Urban Legends: A Study of the Origin & Purpose of Creepy Indiana Urban Legends

What is an urban legend? Indiana has more than its fair share. Devil’s Road in Dubois County, the Crosley Monster of Jennings County… and many more. Where do these types of stories come from? Why do they often last for generations? What was their original purpose? Are they a way for us to seek security in an uncertain world, a way to explain the unexplainable, do they affect our life choices? What common themes do they share? This class will first explore the history of myths and stories in general beginning with ancient Greece and then Indiana. Students will be given the opportunity to research and report on legends from individual cultures they are particularly curious about or interested in, then determine their relationship to urban legends of today. The class will include day trips to nearby sites.

Weaving (Weave No Child Behind)

Get ready for an unbeweavable experience! Throughout this J-Term course students will be given the opportunity to experiment with a variety of weaving processes. From creating a textile on a large loom to constructing a backpack using basket-making techniques and even creating a piece of jewelry using metal wire, students will gain a broad understanding of how weaving can be used with a variety of mediums. A portion of the course will be dedicated to the sourcing and prepping traditional materials for weaving such as wool, cotton, and alpaca. Students will dye their fiber using natural dyes as well as synthetic dyes, creating a unique color palette for their individual projects.

In addition to using traditional fiber, students will also experiment with reclaimed and unconventional materials such as recycled plastic filament, wire, reed, and even vintage textiles. Traditional basket-weaving and contemporary sculptural techniques will also be taught, allowing students to apply the weaving process to a three-dimensional form. This will primarily be a class in which students create original art using the processes taught in class. It will culminate with a final project, allowing students to construct a finished sculptural work of their own invention using the weaving techniques learned. As the class begins each day, you will be able to weave all your troubles behind!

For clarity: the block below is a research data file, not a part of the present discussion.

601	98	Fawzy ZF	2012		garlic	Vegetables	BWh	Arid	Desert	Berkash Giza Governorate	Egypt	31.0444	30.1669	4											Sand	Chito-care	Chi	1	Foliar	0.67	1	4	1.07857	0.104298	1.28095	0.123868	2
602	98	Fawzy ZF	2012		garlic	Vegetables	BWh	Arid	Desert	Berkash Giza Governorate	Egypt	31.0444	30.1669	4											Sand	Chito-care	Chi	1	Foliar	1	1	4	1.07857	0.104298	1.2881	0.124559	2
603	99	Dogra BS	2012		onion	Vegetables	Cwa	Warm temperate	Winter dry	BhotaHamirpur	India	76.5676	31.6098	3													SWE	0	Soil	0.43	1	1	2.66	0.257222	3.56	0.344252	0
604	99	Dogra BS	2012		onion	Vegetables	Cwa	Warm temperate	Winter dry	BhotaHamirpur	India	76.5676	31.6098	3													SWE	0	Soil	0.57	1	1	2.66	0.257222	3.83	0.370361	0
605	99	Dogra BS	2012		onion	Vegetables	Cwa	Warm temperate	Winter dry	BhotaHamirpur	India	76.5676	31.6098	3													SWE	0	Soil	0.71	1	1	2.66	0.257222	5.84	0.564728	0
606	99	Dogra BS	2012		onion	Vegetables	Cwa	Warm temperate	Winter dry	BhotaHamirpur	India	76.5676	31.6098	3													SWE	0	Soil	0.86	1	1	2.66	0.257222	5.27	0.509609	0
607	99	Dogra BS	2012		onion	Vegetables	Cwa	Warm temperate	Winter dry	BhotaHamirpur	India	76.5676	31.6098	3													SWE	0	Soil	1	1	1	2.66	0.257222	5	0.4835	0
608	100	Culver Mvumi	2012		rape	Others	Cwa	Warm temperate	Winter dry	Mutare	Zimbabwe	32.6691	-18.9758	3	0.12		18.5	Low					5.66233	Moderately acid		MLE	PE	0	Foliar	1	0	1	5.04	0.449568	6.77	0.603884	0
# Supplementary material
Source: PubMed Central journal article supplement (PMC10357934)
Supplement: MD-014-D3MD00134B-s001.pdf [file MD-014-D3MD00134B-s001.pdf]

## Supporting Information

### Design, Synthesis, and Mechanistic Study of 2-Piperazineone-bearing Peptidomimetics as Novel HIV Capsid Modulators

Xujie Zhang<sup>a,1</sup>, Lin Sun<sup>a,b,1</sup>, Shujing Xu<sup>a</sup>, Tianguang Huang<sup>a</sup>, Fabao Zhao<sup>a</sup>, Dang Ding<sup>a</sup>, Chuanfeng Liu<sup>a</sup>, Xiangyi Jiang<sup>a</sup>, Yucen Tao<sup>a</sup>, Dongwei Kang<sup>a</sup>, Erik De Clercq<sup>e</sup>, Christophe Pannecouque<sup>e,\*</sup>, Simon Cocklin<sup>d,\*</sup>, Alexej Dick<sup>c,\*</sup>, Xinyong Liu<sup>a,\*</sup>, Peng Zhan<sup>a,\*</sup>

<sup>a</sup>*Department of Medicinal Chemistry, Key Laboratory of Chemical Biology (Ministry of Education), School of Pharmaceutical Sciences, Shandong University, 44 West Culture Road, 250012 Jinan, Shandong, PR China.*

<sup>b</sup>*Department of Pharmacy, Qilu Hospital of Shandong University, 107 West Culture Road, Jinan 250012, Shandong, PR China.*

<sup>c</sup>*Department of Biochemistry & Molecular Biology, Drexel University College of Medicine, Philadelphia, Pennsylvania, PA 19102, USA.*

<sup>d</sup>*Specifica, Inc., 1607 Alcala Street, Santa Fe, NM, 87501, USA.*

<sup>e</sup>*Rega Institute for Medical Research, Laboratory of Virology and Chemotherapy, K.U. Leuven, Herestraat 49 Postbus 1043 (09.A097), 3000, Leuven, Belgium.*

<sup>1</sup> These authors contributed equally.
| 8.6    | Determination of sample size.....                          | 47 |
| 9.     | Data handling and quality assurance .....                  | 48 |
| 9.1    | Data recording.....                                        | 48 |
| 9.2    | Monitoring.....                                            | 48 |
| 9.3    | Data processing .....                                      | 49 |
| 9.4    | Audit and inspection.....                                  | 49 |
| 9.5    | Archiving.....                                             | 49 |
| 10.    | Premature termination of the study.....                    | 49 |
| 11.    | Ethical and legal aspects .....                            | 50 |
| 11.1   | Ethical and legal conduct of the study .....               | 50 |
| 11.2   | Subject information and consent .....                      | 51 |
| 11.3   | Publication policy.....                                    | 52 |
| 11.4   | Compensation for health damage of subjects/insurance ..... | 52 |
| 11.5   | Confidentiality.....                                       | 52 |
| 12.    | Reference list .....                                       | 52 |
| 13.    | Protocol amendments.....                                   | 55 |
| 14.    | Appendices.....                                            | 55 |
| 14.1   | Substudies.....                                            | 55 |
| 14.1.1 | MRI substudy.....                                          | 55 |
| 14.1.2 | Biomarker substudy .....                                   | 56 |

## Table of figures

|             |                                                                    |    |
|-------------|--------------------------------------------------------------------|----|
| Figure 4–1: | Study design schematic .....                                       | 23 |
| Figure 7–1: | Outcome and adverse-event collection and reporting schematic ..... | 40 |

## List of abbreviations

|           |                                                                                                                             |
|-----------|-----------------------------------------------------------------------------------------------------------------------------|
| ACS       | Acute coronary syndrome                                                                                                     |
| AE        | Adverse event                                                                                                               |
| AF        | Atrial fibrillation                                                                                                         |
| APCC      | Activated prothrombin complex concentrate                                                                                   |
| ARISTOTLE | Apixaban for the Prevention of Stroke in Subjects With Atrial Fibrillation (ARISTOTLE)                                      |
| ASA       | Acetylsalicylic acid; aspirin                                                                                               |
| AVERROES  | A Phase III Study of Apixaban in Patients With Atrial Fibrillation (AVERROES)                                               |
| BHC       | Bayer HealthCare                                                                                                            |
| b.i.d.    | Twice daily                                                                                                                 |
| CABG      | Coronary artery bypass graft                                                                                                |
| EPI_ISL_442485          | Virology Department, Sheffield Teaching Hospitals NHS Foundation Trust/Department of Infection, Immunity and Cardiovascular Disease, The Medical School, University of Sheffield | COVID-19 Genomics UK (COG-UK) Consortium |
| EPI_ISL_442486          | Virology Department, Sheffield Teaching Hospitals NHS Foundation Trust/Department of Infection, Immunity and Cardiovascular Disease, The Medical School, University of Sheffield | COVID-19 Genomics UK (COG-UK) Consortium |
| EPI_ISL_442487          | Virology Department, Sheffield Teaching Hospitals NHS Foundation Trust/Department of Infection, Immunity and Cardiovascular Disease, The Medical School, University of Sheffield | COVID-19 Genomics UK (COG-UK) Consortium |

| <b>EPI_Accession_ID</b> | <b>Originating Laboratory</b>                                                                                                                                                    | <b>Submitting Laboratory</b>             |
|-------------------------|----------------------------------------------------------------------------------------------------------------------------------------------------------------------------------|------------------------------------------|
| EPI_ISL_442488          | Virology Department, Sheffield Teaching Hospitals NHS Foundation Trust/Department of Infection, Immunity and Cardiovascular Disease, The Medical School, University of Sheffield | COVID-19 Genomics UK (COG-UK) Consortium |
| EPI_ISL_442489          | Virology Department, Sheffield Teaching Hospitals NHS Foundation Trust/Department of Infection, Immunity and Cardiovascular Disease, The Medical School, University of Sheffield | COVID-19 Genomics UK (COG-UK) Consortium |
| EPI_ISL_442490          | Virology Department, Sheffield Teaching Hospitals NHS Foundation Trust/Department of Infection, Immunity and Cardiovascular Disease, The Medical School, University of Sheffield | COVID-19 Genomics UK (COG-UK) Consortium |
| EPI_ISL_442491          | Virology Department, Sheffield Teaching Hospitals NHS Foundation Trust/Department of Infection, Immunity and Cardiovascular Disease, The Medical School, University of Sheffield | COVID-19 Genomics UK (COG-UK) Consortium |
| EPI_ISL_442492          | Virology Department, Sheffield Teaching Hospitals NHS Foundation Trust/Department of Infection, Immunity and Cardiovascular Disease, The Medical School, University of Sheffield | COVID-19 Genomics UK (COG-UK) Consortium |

Zero to Hero: Guitar for Absolute Beginners

This course is intended for students with absolutely zero guitar experience but 100% interest. Students with previous experience playing the guitar should not enroll in this course. Again, this is a total beginner course. It will cover the basics of playing. Students enrolled in this course will receive an acoustic guitar. They will learn the basics of guitar playing, such as chords, scales, and strum patterns, as well as learn basic maintenance such as tuning and restringing. At the end of the course, students will be able to teach themselves to play any song! We will also survey important guitarists through history and potentially travel to see a concert or guitar factory.

Student Internships

This offering is available to a junior or senior student who has completed an application to the program that has been accepted by the Academic Affairs Committee and the course instructor. Students should have a passion for or interest in learning more about a particular career, business, or organization. Students spend each day of January Term off campus, working with an individual or an organization.

Students are responsible for making their own arrangements, but they will receive the guidance and support of the director. Students submit a daily electronic journal entry at the end of each day. In addition, each student will articulate his or her personal experience and evaluate his or her work during the internship through a longer written piece and an oral presentation to the school.